$ git commit -a -m "Added a test word in the first line of introduction"
[master af9546d] Added a test word in the first line of introduction
 1 file changed, 1 insertion(+), 1 deletion(-)
git push both
Counting objects: 9, done.
Delta compression using up to 4 threads.
Compressing objects: 100% (5/5), done.
Writing objects: 100% (5/5), 941 bytes | 0 bytes/s, done.
Total 5 (delta 4), reused 0 (delta 0)
To https://github.com/dgraziotin/paper.git
   67c8294..022a8f5  master -> master
Counting objects: 9, done.
Delta compression using up to 4 threads.
Compressing objects: 100% (5/5), done.
Writing objects: 100% (5/5), 941 bytes | 0 bytes/s, done.
Total 5 (delta 4), reused 0 (delta 0)
remote: Resolving deltas: 100% (4/4)
remote: Updating references: 100% (1/1)
To https://git.overleaf.com/2029559gkypzx
   67c8294..022a8f5  master -> master

The example above is a local change propagated to both Overleaf and Github. Finally, in order to propagate a change from Overleaf to local and Github, the following commands will be required.

$ git pull overleaf master
remote: Counting objects: 1, done
remote: Finding sources: 100% (1/1)
remote: Total 1 (delta 0), reused 0 (delta 0)
Unpacking objects: 100% (1/1), done.
From https://git.overleaf.com/2029559gkypzx
 * branch            master     -> FETCH_HEAD
   6cc6b05..409e750  master     -> overleaf/master
Updating 6cc6b05..409e750
Fast-forward
 main.tex | 4 ++--
 1 file changed, 2 insertions(+), 2 deletions(-)
$ git push github
Counting objects: 8, done.
Delta compression using up to 4 threads.
Compressing objects: 100% (6/6), done.
Writing objects: 100% (6/6), 650 bytes | 0 bytes/s, done.
Total 6 (delta 2), reused 0 (delta 0)
To https://github.com/dgraziotin/paper.git
   af9546d..409e750  master -> master

That is all. Happy LaTeX writing!

  1. This feature has been requested.
  2. Please note that using Git with several people working on the same files is far more complicated than how it is shown here. There are many useful posts on how to use git with teams. Please take the time to read them.

About the author

dgraziotin

Dr. Daniel Graziotin received his PhD in computer science, software engineering at the Free University of Bozen-Bolzano, Italy. His research interests include human aspects in empirical software engineering with psychological measurements, Web engineering, and open science. He researches, publishes, and reviews for venues in software engineering, human-computer interaction, and psychology. Daniel is the founder of the psychoempirical software engineering discipline and guidelines. He is associate editor at the Journal of Open Research Software, academic editor at the Research Ideas and Outcomes (RIO) journal, and academic editor at the Open Communications in Computer Science journal. He is the local coordinator of the Italian Open science local group for the Open Knowledge Foundation. He is a member of ACM, SIGSOFT, and IEEE.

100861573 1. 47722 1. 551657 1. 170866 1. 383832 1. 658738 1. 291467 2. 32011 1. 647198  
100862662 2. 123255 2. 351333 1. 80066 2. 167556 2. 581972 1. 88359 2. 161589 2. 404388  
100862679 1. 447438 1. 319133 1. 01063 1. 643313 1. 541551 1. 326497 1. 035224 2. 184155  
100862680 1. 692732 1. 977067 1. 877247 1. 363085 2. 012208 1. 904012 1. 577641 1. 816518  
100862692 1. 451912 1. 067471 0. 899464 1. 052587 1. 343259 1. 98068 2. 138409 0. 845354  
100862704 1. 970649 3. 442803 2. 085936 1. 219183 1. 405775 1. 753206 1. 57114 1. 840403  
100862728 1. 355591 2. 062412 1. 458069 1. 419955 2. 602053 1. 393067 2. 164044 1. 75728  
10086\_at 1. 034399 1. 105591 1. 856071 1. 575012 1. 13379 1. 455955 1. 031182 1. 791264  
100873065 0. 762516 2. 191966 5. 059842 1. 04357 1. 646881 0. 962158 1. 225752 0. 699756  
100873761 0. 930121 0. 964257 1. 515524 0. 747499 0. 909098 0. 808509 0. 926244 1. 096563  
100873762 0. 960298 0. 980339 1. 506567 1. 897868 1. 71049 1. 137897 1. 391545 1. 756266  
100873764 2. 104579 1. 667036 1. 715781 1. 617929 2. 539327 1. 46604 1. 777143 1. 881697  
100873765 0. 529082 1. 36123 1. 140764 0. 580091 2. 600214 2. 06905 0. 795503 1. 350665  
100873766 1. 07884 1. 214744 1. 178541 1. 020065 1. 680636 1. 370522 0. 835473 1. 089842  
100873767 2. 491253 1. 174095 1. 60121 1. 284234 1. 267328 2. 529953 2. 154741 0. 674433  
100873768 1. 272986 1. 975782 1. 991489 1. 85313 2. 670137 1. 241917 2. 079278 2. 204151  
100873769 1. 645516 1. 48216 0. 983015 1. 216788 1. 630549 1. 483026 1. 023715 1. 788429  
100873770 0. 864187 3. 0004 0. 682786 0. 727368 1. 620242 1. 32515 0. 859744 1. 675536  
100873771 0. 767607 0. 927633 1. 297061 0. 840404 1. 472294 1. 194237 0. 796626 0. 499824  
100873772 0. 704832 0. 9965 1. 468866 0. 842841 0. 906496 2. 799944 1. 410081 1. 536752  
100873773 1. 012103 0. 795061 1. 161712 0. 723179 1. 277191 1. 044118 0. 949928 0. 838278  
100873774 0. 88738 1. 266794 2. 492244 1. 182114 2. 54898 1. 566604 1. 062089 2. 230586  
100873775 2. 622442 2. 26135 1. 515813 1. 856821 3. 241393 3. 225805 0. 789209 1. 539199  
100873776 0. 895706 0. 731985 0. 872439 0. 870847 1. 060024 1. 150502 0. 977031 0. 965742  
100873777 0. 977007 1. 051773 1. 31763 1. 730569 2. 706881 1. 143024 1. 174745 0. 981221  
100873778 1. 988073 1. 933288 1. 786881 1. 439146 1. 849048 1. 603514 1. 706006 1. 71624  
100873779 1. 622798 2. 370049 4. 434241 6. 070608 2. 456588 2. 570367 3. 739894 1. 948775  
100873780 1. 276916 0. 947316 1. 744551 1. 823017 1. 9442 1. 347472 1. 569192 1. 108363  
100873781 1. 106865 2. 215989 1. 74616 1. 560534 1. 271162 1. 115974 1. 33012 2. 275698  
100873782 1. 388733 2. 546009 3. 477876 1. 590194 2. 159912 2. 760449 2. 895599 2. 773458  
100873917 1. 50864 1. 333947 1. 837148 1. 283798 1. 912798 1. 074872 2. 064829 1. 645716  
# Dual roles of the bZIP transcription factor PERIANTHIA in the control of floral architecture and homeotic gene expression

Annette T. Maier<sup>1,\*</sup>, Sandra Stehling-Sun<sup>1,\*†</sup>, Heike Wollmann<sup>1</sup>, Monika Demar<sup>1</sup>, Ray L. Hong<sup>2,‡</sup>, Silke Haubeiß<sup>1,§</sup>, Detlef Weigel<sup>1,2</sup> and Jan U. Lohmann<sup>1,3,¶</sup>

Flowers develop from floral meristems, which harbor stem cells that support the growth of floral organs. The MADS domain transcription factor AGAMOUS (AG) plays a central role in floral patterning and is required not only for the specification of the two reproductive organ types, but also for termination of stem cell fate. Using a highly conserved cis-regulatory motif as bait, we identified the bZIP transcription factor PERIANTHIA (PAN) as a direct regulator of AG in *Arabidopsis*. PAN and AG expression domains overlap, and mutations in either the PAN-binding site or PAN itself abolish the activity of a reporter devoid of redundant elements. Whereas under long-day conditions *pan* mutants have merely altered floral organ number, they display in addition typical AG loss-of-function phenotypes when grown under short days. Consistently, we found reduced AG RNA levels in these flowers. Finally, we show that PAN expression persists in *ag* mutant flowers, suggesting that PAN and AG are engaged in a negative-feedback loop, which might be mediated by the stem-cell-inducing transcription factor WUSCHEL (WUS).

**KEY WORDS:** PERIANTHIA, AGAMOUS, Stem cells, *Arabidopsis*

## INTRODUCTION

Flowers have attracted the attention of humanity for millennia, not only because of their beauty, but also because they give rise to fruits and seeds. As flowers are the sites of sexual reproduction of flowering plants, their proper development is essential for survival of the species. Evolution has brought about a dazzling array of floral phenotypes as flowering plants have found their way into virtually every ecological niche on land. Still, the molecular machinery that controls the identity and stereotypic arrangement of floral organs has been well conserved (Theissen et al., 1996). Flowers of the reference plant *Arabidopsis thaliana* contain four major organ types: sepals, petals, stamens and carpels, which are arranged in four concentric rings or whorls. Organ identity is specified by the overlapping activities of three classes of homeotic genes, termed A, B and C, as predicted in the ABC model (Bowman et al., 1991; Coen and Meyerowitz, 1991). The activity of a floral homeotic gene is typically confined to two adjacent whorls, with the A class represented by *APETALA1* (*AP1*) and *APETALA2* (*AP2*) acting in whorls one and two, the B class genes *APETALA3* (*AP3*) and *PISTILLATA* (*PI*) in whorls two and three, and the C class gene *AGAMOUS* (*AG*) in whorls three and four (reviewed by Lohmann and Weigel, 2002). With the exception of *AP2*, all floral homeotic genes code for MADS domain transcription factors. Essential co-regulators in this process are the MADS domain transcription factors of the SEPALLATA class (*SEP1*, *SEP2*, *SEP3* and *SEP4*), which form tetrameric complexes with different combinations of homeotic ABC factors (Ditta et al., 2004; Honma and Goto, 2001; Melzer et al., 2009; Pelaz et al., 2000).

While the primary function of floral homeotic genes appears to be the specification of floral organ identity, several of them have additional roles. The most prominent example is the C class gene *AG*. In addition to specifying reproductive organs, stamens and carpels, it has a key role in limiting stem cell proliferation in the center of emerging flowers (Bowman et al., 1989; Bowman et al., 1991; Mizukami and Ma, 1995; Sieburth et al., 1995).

10 comments

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  • The registered changes in the “Versions” tab of the online editor, are registered as commits messages in the repository log.

  • Am I missing something- I can push local changes to overleaf just fine, but if changes are made in overleaf, i cannot pull them down locally- I continue to get an “Already-up-to-date” message in my local repo. Is there some way I need to stage changes in Overleaf for git to recognize it? (that seems silly)

  • Thanks for this; I got the basic setup working except for one big problem: Overleaf is rejecting a load of support files I have (e.g. a makefile I have for building locally).

    Have you encountered this and know a good way to work around it? I thought about selectively pushing only accepted files to Overleaf and pushing everything to Github, but it sounds messy no matter how I try to think about it.

  • I feel like you are missing a huge point here. The fact that any change made to the document directly via the Overleaf page results in non manageable git commits that all use the same commit message ‘Update on Overleaf’ sort of messes up the git-“integration”. How am I supposed to make sense of the git history of my contributors when all I get is an amazingly large commit with no other info but the obvious ‘Update on Overleaf’?

    • This is how Overleaf works internally. Nothing to do with any synchronization mechanism described here, unfortunately. You would see the same mess when working directly with the Overleaf git repository. We could see an improvement after the merge with ShareLaTeX, especially if they are going to adopt ShareLaTeX integration with GitHub.

Ramblings of Daniel Graziotin

About Author

dgraziotin

Dr. Daniel Graziotin received his PhD in computer science, software engineering at the Free University of Bozen-Bolzano, Italy. His research interests include human aspects in empirical software engineering with psychological measurements, Web engineering, and open science. He researches, publishes, and reviews for venues in software engineering, human-computer interaction, and psychology. Daniel is the founder of the psychoempirical software engineering discipline and guidelines. He is associate editor at the Journal of Open Research Software, academic editor at the Research Ideas and Outcomes (RIO) journal, and academic editor at the Open Communications in Computer Science journal. He is the local coordinator of the Italian Open science local group for the Open Knowledge Foundation. He is a member of ACM, SIGSOFT, and IEEE.